UK gov’t confirms new 10% race betting levy


uk-race-betting-levyThe UK government has confirmed that betting operators will be required to kick back 10% of their race betting revenue to the UK racing industry effective April 2017.

On Friday, Minister for Sports, Tourism and Heritage Tracey Crouch confirmed the new 10% rate will apply to all betting operators, be they on-course, off-course, retail, online, pool betting operators, betting exchanges or spread betting sites.

The new 10% rate of gross gambling yield above the first £500k bookies make from racing will replace the existing Horserace Betting Levy system, which featured protracted annual negotiations that made the Israeli-Palestinian schism look positively convivial.

As a result, the Levy Board will be dismantled early in 2018, while the UK Gambling Commission will be responsible for collecting the new fees. A newly established Racing Authority will be tasked with deciding how best to distribute the pound of flesh racing has cut from the bookies’ hides.

The 10% rate had been telegraphed as early as last October but bookies had been lobbying furiously to cut this rate by a point or two. The fee is expected to raise £90m per year for racing for the next seven years, compared to the £54.5m the Levy generated in 2015-16. The government will review the rate after seven years to reflect “any future changes to the market.”

British Horseracing Authority (BHA) boss Nick Rust was unsurprisingly giddy at Friday’s news, saying the new fee would “restore to racing a return from all betting on our sport at a fair and proportionate rate”.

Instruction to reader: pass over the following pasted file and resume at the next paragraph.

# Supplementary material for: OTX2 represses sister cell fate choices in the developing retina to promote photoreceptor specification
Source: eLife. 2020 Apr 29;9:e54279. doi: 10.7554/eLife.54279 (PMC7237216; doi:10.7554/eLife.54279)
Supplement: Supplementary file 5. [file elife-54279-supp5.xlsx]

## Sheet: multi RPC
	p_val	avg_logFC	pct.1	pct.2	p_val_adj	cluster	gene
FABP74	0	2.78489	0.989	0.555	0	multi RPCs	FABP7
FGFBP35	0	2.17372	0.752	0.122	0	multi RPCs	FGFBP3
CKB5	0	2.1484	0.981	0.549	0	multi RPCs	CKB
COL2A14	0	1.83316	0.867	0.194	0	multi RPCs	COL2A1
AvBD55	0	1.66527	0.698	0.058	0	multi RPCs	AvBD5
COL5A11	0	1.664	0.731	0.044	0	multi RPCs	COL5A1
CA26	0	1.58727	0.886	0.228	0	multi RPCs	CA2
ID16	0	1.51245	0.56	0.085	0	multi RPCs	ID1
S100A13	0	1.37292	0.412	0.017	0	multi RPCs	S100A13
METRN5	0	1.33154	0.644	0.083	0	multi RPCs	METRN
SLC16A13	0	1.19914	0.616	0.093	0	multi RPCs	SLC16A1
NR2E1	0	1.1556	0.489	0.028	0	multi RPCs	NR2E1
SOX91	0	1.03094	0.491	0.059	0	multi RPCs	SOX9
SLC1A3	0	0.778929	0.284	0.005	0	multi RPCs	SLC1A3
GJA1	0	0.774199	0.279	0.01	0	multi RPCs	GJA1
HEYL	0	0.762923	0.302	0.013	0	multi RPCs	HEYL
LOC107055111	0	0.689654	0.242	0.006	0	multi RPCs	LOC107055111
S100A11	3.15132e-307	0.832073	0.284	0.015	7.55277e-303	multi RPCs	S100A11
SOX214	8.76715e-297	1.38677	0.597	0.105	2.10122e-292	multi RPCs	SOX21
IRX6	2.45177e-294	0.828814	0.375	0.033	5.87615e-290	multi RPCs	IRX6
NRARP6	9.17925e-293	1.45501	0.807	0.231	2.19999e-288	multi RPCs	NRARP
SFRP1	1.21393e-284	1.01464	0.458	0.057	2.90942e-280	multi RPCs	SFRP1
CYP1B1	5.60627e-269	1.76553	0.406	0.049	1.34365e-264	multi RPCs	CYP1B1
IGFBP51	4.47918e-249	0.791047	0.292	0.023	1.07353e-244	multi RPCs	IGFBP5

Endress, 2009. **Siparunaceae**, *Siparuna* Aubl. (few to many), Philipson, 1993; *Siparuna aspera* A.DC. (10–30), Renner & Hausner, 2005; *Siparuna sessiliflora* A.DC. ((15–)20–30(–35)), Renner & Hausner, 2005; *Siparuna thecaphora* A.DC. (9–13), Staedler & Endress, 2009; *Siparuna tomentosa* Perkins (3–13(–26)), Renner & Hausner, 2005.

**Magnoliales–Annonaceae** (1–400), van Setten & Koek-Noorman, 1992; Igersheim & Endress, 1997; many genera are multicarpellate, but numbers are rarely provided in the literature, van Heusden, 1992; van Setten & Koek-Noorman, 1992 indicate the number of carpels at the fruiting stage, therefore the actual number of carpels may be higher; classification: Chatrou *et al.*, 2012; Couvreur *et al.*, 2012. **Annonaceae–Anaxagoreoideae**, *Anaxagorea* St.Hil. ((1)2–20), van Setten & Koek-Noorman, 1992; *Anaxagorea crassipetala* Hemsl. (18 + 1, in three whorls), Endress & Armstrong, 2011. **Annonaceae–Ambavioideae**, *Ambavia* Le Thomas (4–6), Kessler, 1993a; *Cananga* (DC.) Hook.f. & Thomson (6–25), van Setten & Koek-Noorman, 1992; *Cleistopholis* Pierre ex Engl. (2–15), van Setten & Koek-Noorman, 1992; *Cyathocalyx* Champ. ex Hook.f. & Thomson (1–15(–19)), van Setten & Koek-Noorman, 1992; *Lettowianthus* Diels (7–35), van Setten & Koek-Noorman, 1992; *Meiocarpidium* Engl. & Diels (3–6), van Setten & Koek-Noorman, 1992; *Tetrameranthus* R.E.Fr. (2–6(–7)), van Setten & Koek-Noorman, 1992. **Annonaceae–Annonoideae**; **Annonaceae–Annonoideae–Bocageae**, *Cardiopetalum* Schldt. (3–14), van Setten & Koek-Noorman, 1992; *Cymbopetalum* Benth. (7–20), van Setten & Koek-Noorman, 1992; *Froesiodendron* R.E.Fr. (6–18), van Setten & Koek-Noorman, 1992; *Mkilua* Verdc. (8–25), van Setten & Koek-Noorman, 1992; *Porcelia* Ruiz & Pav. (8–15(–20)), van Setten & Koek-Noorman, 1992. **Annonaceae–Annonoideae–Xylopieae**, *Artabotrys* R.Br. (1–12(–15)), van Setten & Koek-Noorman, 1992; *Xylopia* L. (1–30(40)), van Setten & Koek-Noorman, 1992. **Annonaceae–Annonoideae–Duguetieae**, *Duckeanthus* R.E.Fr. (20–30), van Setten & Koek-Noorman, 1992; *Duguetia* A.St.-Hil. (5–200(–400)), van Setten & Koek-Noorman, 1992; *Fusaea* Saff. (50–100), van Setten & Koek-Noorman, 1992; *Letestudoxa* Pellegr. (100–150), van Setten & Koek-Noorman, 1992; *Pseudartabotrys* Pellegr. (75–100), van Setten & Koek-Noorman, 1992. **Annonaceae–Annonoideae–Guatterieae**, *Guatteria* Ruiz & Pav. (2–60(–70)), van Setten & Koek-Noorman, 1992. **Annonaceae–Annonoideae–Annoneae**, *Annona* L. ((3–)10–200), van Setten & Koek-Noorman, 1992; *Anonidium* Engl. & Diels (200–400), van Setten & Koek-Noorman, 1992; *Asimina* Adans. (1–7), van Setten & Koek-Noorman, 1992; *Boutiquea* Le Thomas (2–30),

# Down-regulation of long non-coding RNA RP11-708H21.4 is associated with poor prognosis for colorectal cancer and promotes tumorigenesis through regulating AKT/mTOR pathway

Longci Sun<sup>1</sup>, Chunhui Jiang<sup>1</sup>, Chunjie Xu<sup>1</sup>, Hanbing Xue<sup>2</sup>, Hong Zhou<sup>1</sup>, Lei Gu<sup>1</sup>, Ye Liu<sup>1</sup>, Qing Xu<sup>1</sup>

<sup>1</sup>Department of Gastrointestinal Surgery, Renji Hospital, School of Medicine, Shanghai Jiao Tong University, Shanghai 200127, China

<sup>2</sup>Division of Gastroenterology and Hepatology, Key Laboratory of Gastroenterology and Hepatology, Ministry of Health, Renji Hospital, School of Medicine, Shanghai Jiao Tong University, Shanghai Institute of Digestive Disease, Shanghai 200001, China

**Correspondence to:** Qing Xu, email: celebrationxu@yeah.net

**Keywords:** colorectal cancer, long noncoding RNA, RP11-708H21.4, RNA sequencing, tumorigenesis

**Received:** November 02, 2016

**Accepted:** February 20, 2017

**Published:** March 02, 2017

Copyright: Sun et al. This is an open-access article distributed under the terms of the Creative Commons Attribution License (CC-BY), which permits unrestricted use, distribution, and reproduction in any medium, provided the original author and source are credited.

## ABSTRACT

The plan still requires the approval of the European Commission to ensure it doesn’t constitute improper state aid. Betting operators could also file an appeal with the European Court of Justice, although this could take years and won’t prevent the new scheme from taking effect in the interim.

William Hill spokesman Ciaran O’Brien referenced the state aid question, especially following “a decade of significant increases in media rights income from the betting industry and William Hill will input to the process as appropriate.”

Ladbrokes-Coral was similarly sour regarding the new rate, suggesting that “with cost escalation in the levy, shop pictures, streaming rights and advertising, the sport is in danger of pricing itself out of friends.”

Across the Irish Sea, Horse Racing Ireland (HRI) is anticipating betting taxes fully funding Irish racing by the year 2020. HRI’s latest financial report shows off-course betting duty receipts of €50.7m while the sport received around €58m from the government.

HRI CEO Brian Kavanagh said there’d been “a significant change from two years ago when the gap between what the government was taking in from betting and then paying out was in the nature of €28m to €30m.” Kavanagh said HRI’s goal was for racing to be “fully funded” from betting by the end of the decade.

Not surprisingly, Kavanagh believes the current retail bookie levy of 1% of turnover and 15% of betting exchange profits were “low rates by international standards, and I would argue that extra funding can be achieved.”